Home centers forcing JA to improve its game for farmers

September 10th, 2012 by Philip Brasor & Masako Tsubuku

Komeri outlet in Sakae Town, Chiba Prefecture

The Central Union of Agricultural Cooperatives, more commonly known by the acronym JA (for Japan Agriculture), or the Japanese abbreviation Nokyo, has, in one form or another, controlled the finances and structure of the country’s farm sector since the early 1950s. That means not only does JA help keep prices high so that farmers can make a living, but provides farm families with everything they need to make that living, from loans to sales of equipment, supplies and fertilizer. It even sells insurance and does banking, under an exception granted by the central government. As with any semi-public organization that has a given field to itself, JA’s operations have become sclerotic over the years. In 2008, the agricultural ministry conducted a survey of farmers. When asked where they bought their fertilizer, 70 percent answered “JA,” but 80 percent of these farmers also answered that they were “dissatisfied” with the cooperative’s prices.

JA is famous for using a lot of middlemen in their sales channels, which invariably drives up the prices of everything they sell. In addition, various handling fees and distribution costs make the prices even higher. In a recent Asahi Shimbun article a professor at the Tokyo University of Agriculture said that with the recession and the possibility of more imports coming into the Japanese market, farmers have become extra sensitive about costs and as a result are beginning to wonder if JA is really looking after their interests properly. Some have already started leaving the cooperative.

But where to go? According to the agricultural ministry survey, only 2.5 percent of farmers were buying their fertilizer from so-called home centers in 2008, but that portion has likely gone up considerably since then. Home centers, called home improvement centers in the U.S., are large retail outlets that sell everything for the home, but mainly supplies that homeowners need for things like repairs or renovations, as well as gardening and landscaping. The Japan DIY (Do-It-Yourself) Association reports that there were 4,310 home centers in Japan in 2011, double the number that existed in 1990. The home center chain with the most outlets is Komeri, who own more than a thousand. And while home center sales have mostly been stagnant since 2005 owing to the growth of other retail models, mainly drug stores, Komeri is also growing. The chain says it plans to double its present number of stores in 10 years’ time.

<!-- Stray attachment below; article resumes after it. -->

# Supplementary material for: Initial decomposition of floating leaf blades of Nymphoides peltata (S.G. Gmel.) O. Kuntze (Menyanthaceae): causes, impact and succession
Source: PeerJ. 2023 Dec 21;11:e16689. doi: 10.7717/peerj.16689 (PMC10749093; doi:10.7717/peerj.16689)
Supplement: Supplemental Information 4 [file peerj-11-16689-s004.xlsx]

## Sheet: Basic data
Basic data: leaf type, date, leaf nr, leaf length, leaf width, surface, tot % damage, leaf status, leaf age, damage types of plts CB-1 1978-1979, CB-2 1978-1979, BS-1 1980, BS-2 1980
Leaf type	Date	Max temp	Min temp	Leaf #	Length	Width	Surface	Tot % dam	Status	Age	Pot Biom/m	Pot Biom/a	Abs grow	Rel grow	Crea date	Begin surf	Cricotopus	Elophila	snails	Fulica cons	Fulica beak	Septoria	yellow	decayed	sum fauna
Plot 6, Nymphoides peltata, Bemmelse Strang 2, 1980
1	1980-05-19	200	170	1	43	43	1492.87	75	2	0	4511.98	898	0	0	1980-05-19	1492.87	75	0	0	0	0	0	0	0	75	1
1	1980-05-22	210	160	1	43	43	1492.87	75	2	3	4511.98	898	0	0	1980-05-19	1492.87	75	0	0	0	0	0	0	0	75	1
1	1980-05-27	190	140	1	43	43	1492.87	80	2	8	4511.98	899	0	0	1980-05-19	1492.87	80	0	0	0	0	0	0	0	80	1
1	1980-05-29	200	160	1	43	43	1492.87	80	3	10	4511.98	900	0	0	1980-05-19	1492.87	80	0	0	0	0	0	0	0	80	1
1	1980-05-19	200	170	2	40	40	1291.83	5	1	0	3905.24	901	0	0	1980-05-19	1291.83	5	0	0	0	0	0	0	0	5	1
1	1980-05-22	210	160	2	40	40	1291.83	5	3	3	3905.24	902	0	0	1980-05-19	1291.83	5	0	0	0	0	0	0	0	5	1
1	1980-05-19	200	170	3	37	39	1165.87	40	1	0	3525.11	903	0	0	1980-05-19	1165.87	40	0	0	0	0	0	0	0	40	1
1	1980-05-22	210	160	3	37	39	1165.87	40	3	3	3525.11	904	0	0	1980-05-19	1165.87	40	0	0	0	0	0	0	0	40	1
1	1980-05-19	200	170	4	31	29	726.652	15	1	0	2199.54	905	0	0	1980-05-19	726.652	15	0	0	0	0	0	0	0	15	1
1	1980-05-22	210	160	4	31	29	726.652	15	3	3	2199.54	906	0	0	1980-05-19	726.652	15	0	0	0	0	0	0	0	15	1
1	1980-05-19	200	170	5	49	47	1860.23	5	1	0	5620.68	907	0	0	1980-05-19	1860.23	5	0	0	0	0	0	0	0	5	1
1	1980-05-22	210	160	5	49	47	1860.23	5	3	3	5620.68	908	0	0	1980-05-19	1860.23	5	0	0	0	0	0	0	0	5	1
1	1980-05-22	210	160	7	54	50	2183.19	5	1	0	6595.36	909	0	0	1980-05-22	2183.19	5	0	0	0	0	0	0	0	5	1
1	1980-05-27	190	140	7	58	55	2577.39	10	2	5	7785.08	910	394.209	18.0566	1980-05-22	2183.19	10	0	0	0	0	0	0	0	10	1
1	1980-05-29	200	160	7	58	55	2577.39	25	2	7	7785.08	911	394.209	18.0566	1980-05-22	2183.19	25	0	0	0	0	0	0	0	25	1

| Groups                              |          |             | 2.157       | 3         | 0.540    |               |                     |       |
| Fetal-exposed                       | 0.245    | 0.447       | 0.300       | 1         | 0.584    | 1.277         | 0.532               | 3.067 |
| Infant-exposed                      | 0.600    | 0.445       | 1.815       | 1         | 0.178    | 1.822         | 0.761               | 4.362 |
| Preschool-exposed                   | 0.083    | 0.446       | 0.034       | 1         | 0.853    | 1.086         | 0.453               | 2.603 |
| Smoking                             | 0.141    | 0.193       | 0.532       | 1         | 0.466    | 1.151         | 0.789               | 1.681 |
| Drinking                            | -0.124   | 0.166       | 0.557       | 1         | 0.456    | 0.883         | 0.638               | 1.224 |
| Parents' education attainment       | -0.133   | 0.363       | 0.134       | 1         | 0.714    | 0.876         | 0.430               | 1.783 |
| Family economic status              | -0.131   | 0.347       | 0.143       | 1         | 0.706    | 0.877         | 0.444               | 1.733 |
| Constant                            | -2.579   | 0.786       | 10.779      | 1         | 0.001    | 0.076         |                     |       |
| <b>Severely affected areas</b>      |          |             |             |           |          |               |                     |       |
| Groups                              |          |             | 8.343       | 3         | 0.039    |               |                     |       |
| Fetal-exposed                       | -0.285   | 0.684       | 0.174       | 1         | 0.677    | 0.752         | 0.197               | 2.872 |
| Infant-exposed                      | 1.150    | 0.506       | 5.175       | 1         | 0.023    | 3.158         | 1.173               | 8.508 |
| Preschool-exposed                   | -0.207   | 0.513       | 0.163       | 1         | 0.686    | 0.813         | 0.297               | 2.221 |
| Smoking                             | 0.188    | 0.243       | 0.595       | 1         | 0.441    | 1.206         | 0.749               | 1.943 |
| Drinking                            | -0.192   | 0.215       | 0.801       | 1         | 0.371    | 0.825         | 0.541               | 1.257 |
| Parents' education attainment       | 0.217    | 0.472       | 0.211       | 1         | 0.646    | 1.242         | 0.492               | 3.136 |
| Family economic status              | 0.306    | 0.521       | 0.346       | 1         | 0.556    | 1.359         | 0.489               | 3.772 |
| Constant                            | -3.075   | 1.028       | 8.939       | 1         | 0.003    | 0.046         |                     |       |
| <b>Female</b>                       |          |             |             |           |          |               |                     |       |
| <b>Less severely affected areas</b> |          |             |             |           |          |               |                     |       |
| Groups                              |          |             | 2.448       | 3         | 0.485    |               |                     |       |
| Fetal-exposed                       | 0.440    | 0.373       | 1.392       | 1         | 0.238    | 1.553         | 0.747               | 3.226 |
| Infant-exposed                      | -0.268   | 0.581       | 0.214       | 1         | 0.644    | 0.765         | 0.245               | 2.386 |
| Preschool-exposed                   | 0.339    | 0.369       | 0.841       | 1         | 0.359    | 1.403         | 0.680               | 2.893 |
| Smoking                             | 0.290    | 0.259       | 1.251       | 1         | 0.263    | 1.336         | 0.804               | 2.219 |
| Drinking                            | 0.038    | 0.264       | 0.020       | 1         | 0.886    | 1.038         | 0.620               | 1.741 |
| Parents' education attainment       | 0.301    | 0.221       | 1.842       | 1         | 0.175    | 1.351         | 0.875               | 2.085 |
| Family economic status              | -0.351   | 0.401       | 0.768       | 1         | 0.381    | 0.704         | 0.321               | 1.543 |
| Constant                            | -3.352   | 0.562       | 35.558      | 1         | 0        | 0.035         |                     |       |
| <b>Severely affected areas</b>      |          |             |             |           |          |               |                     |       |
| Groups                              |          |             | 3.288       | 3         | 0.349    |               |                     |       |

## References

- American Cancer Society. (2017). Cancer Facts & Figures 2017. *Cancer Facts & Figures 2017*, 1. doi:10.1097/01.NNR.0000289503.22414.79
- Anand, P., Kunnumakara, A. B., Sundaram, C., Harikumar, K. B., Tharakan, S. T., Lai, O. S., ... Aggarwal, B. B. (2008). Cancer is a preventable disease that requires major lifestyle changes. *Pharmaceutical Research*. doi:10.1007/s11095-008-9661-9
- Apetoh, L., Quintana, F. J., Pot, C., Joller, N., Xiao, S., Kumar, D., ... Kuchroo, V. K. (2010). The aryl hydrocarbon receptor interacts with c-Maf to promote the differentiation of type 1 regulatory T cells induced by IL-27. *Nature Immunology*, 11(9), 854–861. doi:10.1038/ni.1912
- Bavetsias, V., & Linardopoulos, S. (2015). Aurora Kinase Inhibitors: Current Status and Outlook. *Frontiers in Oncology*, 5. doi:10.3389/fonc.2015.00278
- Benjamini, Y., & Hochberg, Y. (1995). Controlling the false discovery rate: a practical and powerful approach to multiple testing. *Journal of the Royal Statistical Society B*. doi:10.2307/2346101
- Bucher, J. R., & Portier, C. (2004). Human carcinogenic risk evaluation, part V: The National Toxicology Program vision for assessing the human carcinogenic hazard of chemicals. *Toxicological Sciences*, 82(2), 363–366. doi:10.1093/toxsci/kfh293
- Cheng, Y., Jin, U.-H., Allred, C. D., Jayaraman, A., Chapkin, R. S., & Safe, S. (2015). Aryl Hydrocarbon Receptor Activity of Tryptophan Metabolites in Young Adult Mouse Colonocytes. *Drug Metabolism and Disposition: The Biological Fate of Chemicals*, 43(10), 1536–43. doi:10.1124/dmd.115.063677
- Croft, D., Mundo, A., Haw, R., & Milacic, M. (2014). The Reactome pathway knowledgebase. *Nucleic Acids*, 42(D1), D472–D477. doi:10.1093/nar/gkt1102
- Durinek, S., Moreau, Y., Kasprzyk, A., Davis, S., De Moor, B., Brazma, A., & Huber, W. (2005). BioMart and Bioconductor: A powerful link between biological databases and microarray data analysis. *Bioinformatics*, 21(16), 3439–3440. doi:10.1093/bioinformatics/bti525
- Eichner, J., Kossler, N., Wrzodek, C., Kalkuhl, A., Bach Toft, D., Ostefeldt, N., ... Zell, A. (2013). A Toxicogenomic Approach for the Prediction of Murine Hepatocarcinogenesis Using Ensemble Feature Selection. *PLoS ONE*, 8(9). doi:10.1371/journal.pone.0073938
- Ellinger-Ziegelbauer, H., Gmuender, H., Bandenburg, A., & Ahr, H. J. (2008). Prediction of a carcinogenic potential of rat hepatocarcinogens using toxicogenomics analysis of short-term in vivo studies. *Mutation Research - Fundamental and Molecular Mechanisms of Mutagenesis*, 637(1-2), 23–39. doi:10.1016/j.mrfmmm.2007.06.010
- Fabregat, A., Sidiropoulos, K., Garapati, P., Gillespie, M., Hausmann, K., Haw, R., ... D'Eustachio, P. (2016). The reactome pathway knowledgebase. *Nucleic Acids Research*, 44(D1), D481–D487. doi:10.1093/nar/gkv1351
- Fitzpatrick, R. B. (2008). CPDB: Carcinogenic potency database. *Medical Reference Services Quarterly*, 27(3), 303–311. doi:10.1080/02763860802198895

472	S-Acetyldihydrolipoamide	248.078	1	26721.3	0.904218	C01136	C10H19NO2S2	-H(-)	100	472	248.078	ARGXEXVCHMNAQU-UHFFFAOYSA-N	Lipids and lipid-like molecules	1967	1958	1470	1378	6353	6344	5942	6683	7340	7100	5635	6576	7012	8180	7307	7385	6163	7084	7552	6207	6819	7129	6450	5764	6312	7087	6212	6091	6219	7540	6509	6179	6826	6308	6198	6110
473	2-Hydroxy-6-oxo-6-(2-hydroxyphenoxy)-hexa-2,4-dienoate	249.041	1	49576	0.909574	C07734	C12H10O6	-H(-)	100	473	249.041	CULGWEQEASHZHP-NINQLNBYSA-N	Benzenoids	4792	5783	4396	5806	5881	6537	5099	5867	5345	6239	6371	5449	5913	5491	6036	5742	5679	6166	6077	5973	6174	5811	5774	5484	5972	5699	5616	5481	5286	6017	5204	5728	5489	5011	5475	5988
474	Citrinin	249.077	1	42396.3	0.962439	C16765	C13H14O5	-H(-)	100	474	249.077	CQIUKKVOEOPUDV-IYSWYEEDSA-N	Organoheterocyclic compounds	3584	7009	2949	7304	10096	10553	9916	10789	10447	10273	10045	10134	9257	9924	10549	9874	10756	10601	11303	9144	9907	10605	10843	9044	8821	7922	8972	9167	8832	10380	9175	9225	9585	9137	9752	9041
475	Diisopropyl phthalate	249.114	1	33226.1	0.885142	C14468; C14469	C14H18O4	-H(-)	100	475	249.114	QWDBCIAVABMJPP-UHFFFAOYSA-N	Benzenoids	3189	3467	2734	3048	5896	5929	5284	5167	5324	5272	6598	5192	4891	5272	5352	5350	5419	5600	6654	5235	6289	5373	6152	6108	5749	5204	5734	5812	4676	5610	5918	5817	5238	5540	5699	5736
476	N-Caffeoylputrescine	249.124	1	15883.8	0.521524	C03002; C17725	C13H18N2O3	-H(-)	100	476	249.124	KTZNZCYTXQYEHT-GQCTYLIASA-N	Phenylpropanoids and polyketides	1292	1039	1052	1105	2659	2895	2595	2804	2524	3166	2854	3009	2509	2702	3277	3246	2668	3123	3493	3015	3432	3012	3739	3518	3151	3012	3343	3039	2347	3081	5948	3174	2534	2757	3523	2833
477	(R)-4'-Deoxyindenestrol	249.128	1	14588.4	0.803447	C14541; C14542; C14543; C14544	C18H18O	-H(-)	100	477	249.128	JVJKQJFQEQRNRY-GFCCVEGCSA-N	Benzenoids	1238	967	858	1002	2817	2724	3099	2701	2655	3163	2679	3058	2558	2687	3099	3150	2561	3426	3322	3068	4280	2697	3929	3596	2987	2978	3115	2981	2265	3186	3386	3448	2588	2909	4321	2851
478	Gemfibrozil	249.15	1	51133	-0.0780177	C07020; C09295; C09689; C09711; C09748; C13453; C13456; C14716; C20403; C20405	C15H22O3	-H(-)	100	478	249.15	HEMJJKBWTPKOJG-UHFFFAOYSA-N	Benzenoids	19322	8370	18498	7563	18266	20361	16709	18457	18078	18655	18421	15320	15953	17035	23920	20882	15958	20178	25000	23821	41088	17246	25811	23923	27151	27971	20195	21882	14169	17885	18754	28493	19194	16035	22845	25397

Komeri’s success is built on its attention to farmers. A typical store covers more than 10,000 sq. meters of floor space, 10-20 percent of which is farming supplies. Komeri carries 60,000 separate items for full-time farmers, and at much lower prices than what JA charges. Prior to 2000, Komeri was mainly a supermarket chain with sundries and home improvement sections, but since the turn of the century it has concentrated more on farm supplies, which now account for 20 percent of the company’s annual revenue of ¥312 billion. The headquarters is in Niigata Prefecture, the heart of Japan’s rice-farming culture and the birthplace of its most prized breed, koshihikari.

As Komeri became more ambitious about attracting farmers to its stores, it started hiring professionals, including former JA employees, to act as full-time employees who visit farms to give advice. In 2002 it started issuing the AgriCard, a credit card that only professional farmers can apply for with a credit limit of ¥2 million. Cardholders can designate a single yearly payment time, usually after harvest and shipment, when the farmer is paid. It makes their work much more manageable. AgriCard now has about 50,000 members, which is about 3 percent of all the hanbai noka (commercial farmers) in Japan, who are defined as making at least ¥500,000 a year from sales of produce.

Komeri’s success has prodded other home centers and DIY retailers to broaden their appeal to include professional farmers. DCM Holdings, which runs the Homac chain, has started renting out farmland to people who want to become farmers. Even JA has started to improve its game. When the Asahi asked a JA representative about Komeri’s threat to JA’s virtual monopoly on agricultural supplies, he admitted that the cooperative has given the matter a lot of thought and said they were already working on changes, including sales of lower-priced generic agrichemicals. With 9.6 million members, JA’s dominance isn’t going to change any time soon, but it’s finally come to understand that it has to address farmers’ general dissatisfaction, and not just in terms of the prices they charge. The price of rice sold in stores through JA channels can be as much as ten times what it pays the farmer for it. Komeri can’t solve that particular problem, but their example might make full-time farmers wonder if they can get a better deal elsewhere.

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